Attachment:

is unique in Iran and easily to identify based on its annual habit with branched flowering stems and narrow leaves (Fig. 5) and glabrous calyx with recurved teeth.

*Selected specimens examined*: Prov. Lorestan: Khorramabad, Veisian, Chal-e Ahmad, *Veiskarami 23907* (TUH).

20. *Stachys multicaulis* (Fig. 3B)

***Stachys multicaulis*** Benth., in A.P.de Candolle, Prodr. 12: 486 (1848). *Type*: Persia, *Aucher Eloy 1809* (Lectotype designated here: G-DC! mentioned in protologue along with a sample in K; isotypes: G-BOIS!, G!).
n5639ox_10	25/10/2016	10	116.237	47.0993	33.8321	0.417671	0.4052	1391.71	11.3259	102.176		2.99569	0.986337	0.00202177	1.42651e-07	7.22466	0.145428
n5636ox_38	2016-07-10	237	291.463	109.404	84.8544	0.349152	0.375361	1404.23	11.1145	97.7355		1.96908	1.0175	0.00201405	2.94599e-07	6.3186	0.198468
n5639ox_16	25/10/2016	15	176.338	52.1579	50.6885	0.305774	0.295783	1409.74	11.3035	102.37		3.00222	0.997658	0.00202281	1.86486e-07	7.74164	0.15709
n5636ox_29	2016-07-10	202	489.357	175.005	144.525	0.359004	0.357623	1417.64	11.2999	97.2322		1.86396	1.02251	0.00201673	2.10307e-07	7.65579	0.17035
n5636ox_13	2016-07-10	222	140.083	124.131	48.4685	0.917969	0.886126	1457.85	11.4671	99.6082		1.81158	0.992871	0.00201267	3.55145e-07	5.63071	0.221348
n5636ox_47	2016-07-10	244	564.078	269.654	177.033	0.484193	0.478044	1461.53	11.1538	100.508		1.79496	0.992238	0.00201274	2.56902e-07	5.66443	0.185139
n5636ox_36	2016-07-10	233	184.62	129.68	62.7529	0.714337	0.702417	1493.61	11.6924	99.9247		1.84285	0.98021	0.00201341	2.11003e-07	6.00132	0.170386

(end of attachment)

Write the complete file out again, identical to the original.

is unique in Iran and easily to identify based on its annual habit with branched flowering stems and narrow leaves (Fig. 5) and glabrous calyx with recurved teeth.

*Selected specimens examined*: Prov. Lorestan: Khorramabad, Veisian, Chal-e Ahmad, *Veiskarami 23907* (TUH).

20. *Stachys multicaulis* (Fig. 3B)

***Stachys multicaulis*** Benth., in A.P.de Candolle, Prodr. 12: 486 (1848). *Type*: Persia, *Aucher Eloy 1809* (Lectotype designated here: G-DC! mentioned in protologue along with a sample in K; isotypes: G-BOIS!, G!).
n5639ox_10	25/10/2016	10	116.237	47.0993	33.8321	0.417671	0.4052	1391.71	11.3259	102.176		2.99569	0.986337	0.00202177	1.42651e-07	7.22466	0.145428
n5636ox_38	2016-07-10	237	291.463	109.404	84.8544	0.349152	0.375361	1404.23	11.1145	97.7355		1.96908	1.0175	0.00201405	2.94599e-07	6.3186	0.198468
n5639ox_16	25/10/2016	15	176.338	52.1579	50.6885	0.305774	0.295783	1409.74	11.3035	102.37		3.00222	0.997658	0.00202281	1.86486e-07	7.74164	0.15709
n5636ox_29	2016-07-10	202	489.357	175.005	144.525	0.359004	0.357623	1417.64	11.2999	97.2322		1.86396	1.02251	0.00201673	2.10307e-07	7.65579	0.17035
n5636ox_13	2016-07-10	222	140.083	124.131	48.4685	0.917969	0.886126	1457.85	11.4671	99.6082		1.81158	0.992871	0.00201267	3.55145e-07	5.63071	0.221348
n5636ox_47	2016-07-10	244	564.078	269.654	177.033	0.484193	0.478044	1461.53	11.1538	100.508		1.79496	0.992238	0.00201274	2.56902e-07	5.66443	0.185139
n5636ox_36	2016-07-10	233	184.62	129.68	62.7529	0.714337	0.702417	1493.61	11.6924	99.9247		1.84285	0.98021	0.00201341	2.11003e-07	6.00132	0.170386